In fact, it’s worth noting that, as well as being able to borrow the vast majority of the asset value and the tax benefits, you’re also getting other people – namely tenants – to subsidise your investment through rental payments. You’re getting three different parties helping you make money through capital gain (or cash flow) – making property one of the most affordable investments around.
- The only thing Australians aren’t taxed on
One especially for the homeowner, this:professional renovator Cherie Barber points out that the family home is one of the few untaxed assets in the average Australian’s armoury.
“We get taxed on everything in Australia, but your own principal place of residence is one of the rare things left that the Australian government doesn’t tax you on,” she says. “Therefore, you can add real value to your own home through a renovation or by redeveloping your property in another way – and every dollar of value you create is yours to keep. The taxman gets none of it.”
- Still keep growing – even when you’re retired
Many investors following a capital growth strategy are putting together a nest egg for their retirement – whether that’s based on selling down and creating a lump sum, partially selling down and living off rental income, or on living off a line of credit. However, what some investors forget is that, even after they retire in, say, 20 years, yield and value will continue to improve – making you worth more each year. Investors Direct chairman Bill Zheng also highlights that property investors are more likely to hold onto properties when they retire, due to the effort required to accumulate them.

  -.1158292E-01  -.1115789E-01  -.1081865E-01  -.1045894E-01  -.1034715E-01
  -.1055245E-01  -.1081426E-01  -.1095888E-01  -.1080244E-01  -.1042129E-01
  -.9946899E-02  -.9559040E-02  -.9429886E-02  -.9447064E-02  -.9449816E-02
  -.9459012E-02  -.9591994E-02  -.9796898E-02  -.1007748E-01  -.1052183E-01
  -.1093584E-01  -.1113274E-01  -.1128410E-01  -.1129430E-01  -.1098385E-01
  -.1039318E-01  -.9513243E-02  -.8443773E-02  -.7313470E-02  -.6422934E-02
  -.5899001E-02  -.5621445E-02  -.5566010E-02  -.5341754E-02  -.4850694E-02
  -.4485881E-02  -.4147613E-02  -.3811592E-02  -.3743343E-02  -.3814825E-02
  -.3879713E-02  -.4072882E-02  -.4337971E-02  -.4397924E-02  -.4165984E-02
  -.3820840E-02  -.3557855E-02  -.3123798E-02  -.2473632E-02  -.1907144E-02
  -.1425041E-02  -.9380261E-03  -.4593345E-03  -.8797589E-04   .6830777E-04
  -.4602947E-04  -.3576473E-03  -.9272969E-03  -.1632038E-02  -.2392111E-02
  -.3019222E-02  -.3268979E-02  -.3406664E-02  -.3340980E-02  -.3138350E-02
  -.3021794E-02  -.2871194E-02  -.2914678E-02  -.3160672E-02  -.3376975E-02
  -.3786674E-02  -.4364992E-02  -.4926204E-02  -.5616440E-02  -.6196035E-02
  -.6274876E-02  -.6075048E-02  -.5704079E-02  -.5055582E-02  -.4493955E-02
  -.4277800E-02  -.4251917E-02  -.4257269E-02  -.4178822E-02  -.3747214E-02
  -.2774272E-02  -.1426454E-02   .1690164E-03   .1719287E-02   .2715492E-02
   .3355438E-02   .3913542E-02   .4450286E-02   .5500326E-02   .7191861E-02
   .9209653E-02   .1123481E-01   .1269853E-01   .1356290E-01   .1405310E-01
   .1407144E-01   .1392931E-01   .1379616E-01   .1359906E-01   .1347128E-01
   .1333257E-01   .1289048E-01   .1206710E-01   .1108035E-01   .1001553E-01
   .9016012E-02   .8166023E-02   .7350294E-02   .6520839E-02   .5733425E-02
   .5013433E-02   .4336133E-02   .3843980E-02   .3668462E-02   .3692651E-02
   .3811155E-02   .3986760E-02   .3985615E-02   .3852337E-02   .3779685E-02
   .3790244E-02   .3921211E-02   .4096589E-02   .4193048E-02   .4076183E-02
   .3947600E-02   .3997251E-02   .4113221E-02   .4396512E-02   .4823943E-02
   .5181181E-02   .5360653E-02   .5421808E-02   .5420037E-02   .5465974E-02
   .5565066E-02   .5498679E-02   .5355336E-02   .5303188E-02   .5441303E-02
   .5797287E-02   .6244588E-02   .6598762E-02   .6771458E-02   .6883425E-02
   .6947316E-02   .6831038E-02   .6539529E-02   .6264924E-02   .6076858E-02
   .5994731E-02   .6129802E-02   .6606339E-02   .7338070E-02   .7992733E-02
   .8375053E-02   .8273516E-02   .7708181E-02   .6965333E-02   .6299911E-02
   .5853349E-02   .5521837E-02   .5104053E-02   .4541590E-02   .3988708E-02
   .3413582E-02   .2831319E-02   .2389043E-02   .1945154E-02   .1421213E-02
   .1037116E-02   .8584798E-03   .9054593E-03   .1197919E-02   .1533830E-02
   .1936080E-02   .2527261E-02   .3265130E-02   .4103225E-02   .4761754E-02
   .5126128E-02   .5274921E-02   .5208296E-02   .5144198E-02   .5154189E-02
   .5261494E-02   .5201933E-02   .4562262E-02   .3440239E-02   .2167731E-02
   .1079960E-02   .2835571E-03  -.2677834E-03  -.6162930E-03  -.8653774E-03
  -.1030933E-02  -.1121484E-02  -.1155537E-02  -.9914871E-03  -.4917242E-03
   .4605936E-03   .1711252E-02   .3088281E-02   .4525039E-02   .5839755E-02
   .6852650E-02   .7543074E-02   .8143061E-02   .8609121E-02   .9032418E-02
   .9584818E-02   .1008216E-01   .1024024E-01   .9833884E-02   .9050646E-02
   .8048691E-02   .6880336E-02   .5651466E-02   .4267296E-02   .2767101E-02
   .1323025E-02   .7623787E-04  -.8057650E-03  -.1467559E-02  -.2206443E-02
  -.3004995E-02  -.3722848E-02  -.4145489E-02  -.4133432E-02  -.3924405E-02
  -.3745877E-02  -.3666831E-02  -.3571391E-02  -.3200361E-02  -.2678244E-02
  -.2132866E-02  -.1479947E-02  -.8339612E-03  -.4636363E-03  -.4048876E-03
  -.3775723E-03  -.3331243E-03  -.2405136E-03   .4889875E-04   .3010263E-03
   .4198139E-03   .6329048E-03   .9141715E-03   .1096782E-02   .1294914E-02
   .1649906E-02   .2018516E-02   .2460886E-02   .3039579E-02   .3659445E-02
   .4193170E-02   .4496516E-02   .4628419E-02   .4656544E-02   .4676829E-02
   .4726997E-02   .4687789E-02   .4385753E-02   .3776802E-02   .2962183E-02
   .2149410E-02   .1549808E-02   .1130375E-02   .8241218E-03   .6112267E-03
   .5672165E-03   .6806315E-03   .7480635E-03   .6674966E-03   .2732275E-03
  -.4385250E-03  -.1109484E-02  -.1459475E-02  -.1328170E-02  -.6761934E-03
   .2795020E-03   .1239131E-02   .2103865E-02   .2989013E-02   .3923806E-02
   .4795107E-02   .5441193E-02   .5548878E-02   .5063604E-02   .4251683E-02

- It’s a more stable investment
The property market is usually much less volatile than the share market, at least partly due to the effort required in order to purchase a property – in terms of due diligence, legal checks, inspections, length of settlement periods and so on. This means that property is less prone to short-term speculators than paper asset classes. This – along with the relatively long amount of time it takes to liquidate a property asset – also reduces market volatility significantly.
“Properties in well located area's, underpinned by good supply and demand, rarely crash overnight or even over extended periods of time,” says Cherie Barber. “They hold their own or at least level off and rarely experience major falls. Investors can avoid high risk areas simply by researching suburbs and properties well before they buy.”
- Bricks and mortar
Another factor which is comforting to many investors is that they’ve invested in something tangible – something they can ‘look at and touch’.
“[Property is one of the few investments which you can actually see and feel, and this often makes it feel more real,” says Troy Harris. “You can’t take your friends for a drive on a sunny day past your share portfolio.”